Monday of Holy Week – First Reading

Commentary on Isaiah 42:1-7

Today we have the first of the four Songs of the Servant of Yahweh from Isaiah. Together, they describe the finest qualities of Israel and her great leaders. Today’s song, describes a ‘chosen one’ like Moses, David, and all Israel. As the Servant, he fulfils the role of Davidic king and prophet. It is a beautiful description of a mysterious servant of God which the Church has long realised applies so aptly to Jesus.

The passage is taken from the ‘Book of Consolation’, or Second Isaiah (chaps 40-55). It speaks of Israel as a ‘Servant of Yahweh’, chosen or set apart, to act as God’s witness before the nations. But the four Songs of the Servant of Yahweh (42:1-9; 49:1-6; 50:4-11; 52:13-53:12) present a mysterious ‘servant’ who in some ways is like the servant-Israel of the other passages. In today’s passage, however, he is distinguished from the servant-Israel, and shown to have other qualities which show him as a particular individual.

Called by Yahweh while still in his mother’s womb, ‘formed’ by him, filled with his spirit, the servant is a ‘disciple’. Yahweh has opened his ears, so that, by establishing justice on earth, he may instruct mankind, and sort them and judge them by his word. He performs his task gently and without display, even appearing to fail in it. He accepts outrage and contempt and does not succumb because Yahweh sustains him.

Yahweh is speaking and says, “Here is my servant”. He designates and consecrates the Servant. In the royal terminology of the ancient Near East, “servant” could mean something like “trusted envoy” or “confidential representative”.

Jesus, too, called himself a ‘servant’:

The Son of Man did not come to be served; he came to serve and to give his life to redeem many people. (Mark 10:45)

He gave a dramatic example when he knelt down and washed his disciples’ feet at the Last Supper (John 13:1-17).

He will not only ‘gather’ Israel, but he will be the light of the nations everywhere. The New Testament, sees Jesus as this servant – in his person the attributes of the King-Messiah, Son of David, are united with those of the suffering servant (see Luke 4:17-21).

In the previous chapter, King Cyrus of Persia had been introduced as delivering Israel from captivity in Babylon, but the Servant would deliver the whole world from the prison of sin.

The passage speaks of gentleness and non-violence, a message so necessary for our time. Gentle, but not weak or passive.

He does not cry out or raise his voice.

He is a bringer of harmony and peace, not of noise and turmoil.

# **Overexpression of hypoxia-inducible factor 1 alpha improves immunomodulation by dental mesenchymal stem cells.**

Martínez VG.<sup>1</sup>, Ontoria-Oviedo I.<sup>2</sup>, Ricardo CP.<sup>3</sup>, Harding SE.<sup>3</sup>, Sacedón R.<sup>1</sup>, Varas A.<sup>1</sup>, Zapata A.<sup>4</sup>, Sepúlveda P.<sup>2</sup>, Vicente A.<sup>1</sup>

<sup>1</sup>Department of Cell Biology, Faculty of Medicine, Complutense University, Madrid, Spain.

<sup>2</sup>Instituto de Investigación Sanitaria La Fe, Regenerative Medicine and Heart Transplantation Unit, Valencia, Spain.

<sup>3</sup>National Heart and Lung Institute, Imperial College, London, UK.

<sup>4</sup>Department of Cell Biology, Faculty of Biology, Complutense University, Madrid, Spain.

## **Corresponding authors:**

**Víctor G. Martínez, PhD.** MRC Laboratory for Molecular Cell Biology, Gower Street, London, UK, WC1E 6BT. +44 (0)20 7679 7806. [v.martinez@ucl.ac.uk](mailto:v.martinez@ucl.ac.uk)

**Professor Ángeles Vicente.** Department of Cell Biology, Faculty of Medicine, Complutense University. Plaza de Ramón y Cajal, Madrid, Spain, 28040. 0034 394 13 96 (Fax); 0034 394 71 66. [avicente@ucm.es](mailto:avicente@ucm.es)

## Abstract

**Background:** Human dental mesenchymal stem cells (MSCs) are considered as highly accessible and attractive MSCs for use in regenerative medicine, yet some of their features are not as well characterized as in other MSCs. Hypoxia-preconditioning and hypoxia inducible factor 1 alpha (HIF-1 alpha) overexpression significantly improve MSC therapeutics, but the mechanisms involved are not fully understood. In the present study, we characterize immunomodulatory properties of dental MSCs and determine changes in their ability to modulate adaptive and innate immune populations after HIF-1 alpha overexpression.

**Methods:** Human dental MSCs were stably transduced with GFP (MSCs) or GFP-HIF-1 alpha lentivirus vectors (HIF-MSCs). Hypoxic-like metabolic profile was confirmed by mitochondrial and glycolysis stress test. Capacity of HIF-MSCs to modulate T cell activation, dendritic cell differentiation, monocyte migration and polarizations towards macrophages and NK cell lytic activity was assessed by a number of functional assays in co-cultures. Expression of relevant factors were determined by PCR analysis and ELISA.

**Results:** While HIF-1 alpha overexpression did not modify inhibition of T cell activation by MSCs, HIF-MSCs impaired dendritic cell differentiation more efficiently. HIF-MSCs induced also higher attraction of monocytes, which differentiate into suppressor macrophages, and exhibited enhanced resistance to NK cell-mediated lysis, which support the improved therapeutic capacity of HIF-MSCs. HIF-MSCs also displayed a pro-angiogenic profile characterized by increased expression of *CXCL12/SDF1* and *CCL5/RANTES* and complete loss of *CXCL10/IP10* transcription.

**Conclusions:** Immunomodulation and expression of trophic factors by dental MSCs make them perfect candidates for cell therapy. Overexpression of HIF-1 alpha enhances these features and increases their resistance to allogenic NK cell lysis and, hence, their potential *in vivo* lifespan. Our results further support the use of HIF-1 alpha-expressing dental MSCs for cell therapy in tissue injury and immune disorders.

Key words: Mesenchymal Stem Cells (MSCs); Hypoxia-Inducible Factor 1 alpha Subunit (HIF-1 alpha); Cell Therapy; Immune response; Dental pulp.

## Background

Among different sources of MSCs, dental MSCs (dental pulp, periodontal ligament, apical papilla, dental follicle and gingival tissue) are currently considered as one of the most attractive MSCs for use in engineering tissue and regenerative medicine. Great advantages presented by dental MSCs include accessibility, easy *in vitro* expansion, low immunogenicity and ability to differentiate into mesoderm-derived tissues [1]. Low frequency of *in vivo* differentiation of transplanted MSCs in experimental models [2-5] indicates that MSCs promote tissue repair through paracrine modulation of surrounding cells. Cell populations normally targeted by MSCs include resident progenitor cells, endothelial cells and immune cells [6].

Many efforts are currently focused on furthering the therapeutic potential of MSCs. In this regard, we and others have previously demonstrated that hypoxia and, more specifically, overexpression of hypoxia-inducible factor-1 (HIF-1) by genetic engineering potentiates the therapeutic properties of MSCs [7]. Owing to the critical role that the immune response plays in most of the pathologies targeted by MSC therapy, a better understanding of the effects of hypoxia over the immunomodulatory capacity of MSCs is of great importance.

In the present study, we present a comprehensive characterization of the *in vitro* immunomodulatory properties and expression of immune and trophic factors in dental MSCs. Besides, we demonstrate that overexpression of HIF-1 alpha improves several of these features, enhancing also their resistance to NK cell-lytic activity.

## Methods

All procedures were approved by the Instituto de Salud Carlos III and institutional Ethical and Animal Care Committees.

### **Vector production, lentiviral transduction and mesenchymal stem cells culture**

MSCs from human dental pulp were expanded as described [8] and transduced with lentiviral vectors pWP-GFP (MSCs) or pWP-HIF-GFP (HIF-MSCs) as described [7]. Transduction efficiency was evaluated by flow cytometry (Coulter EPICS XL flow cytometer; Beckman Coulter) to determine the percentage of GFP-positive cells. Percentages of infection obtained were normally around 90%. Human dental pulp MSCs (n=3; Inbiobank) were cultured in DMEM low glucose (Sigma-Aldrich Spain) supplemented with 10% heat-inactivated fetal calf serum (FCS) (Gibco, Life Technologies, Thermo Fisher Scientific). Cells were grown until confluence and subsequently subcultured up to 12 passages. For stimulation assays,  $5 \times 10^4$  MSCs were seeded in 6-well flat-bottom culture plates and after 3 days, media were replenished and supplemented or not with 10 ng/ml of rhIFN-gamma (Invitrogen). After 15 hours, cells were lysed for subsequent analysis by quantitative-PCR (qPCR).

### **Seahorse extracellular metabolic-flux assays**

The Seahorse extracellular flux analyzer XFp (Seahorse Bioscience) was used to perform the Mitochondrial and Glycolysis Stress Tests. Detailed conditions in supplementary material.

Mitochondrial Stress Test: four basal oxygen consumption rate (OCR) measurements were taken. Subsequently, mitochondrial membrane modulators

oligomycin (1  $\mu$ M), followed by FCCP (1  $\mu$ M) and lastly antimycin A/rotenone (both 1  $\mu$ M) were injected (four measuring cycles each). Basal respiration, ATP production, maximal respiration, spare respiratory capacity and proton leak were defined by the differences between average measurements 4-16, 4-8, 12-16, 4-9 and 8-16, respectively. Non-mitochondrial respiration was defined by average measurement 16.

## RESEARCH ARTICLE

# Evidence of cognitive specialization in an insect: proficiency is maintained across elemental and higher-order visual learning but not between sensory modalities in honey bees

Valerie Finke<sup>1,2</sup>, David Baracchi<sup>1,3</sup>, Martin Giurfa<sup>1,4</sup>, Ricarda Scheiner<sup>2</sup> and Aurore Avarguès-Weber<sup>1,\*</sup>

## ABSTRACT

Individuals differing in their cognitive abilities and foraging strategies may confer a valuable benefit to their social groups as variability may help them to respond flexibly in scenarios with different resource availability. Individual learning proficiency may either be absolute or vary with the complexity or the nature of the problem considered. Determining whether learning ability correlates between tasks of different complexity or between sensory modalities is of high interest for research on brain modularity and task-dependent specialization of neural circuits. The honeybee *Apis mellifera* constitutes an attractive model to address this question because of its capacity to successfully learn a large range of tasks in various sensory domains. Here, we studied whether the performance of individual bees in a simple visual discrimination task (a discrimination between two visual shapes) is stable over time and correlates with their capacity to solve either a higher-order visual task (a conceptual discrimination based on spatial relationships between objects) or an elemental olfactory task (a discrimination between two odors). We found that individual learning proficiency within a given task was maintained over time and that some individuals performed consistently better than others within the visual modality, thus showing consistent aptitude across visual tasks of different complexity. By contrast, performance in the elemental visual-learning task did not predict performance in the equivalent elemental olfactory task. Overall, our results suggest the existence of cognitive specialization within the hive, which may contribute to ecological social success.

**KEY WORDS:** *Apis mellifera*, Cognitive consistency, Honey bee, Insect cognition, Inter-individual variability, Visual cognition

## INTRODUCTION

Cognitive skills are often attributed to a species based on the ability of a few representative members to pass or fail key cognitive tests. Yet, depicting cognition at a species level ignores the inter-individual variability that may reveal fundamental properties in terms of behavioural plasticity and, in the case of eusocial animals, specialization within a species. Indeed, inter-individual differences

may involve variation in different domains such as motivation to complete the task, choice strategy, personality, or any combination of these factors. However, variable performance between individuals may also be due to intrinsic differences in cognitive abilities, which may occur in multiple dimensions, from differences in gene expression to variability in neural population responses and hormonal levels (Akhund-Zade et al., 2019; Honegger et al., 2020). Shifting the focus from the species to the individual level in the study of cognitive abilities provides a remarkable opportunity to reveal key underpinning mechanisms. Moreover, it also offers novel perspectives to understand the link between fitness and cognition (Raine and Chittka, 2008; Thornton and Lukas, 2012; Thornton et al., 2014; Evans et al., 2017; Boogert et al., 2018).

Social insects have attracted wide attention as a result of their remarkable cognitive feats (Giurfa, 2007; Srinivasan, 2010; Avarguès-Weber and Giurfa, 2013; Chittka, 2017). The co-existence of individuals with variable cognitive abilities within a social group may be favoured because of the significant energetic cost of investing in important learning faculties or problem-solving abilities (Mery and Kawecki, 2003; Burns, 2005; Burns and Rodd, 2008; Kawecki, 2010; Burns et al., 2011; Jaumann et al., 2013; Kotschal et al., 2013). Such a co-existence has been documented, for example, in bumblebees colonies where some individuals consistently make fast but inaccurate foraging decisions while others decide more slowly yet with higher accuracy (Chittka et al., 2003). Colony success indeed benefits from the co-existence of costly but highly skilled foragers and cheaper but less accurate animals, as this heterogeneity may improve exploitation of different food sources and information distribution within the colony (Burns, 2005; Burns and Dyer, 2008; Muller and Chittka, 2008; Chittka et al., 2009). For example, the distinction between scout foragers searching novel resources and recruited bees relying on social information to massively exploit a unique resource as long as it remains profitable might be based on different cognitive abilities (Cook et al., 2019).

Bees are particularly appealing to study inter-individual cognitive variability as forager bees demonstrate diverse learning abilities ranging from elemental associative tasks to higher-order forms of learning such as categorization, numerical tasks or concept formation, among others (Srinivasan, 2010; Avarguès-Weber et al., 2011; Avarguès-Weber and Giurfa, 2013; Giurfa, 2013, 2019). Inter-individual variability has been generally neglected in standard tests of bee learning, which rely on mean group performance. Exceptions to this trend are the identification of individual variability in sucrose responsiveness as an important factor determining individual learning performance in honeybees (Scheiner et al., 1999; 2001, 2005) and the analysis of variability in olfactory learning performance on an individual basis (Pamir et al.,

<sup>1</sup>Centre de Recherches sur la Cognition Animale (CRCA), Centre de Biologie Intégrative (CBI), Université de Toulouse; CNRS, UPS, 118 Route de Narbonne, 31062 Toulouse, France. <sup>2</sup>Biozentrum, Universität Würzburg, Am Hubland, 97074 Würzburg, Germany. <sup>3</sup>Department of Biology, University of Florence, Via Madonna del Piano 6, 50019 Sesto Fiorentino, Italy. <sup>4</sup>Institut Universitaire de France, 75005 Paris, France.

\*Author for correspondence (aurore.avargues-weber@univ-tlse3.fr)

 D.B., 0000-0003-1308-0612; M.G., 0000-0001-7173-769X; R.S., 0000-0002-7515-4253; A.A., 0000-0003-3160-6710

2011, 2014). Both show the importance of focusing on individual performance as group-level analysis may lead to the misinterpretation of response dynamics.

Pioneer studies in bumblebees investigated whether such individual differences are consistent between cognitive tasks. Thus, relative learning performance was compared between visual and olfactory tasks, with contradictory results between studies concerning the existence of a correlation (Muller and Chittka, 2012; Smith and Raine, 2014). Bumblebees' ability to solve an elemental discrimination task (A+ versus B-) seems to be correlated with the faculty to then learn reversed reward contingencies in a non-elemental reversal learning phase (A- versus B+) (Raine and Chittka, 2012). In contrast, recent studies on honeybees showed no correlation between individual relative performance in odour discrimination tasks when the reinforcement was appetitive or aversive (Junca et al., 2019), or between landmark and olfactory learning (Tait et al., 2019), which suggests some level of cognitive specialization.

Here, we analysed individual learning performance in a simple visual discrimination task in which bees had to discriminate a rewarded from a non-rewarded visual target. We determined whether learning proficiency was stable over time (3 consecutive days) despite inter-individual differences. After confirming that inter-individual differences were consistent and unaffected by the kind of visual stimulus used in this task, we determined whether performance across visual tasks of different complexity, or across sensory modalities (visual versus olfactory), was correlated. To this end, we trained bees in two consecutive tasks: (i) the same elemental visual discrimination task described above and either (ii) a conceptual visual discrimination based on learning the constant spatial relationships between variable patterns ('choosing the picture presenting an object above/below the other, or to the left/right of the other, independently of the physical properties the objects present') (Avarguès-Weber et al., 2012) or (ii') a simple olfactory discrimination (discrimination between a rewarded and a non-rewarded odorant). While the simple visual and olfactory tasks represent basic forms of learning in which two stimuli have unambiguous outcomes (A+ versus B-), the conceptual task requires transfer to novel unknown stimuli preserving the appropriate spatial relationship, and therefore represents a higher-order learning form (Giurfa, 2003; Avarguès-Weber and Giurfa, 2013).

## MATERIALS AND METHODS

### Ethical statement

He does not break the crushed reed or snuff the faltering wick.

He does not exploit the weak in a false show of power, but empowers through bringing healing and wholeness to the frail and the weak. This is just what Jesus did in his mission to the people.

He will not grow faint, he will not be crushed, until true justice is established on earth.

This passage is quoted by Matthew in his gospel (Matt 12:18-21). In his gentleness and compassion, there is no weakness. There is a great inner strength, but a total rejection of violence.

The coasts and islands are awaiting for his instruction.

This indicates the lands of the Mediterranean and, by implication, the pagan lands lying beyond Israel. The Servant has a mission to all, not just to some.

Then comes the special call made by Yahweh to the Servant.

I have called you in saving justice.

This is similar to the call made earlier to King Cyrus, who will deliver the Jews from their Babylonian exile and allow them to return home.

I have taken you by the hand and formed you.

In Hebrew, the same term is used in the creation story of Genesis to describe Yahweh ‘forming’ or ‘modelling’ the body of the first man. Jesus, of course, is the New Adam.

I have made you a covenant of the people and light to the nations…

Jesus as Messiah will inaugurate the New Covenant by his suffering and death, a covenant now embracing peoples everywhere. We will see that more clearly when we read more of the Suffering Servant during Holy Week.

This Servant has been called by God, the creator of all things, to do God’s work and carry out his will. He will be “a light of the nations” and will “open the eyes of the blind, free captives from prison and those who live in darkness from the dungeon”. Originally this referred to release from the prison of the Babylonian exile, but it also indicates the hope of liberation for every person from all spiritual and moral bondage.

As we begin Holy Week, we are reminded that this work of God’s servant, which we also are, has to go on through us. We are not here this week just to be spectators, even grateful spectators. We are to be part of the work which the Paschal Mystery inaugurated. We, too, are to be servants, ready, if necessary, to suffer as Jesus did for the sake of our brothers and sisters.

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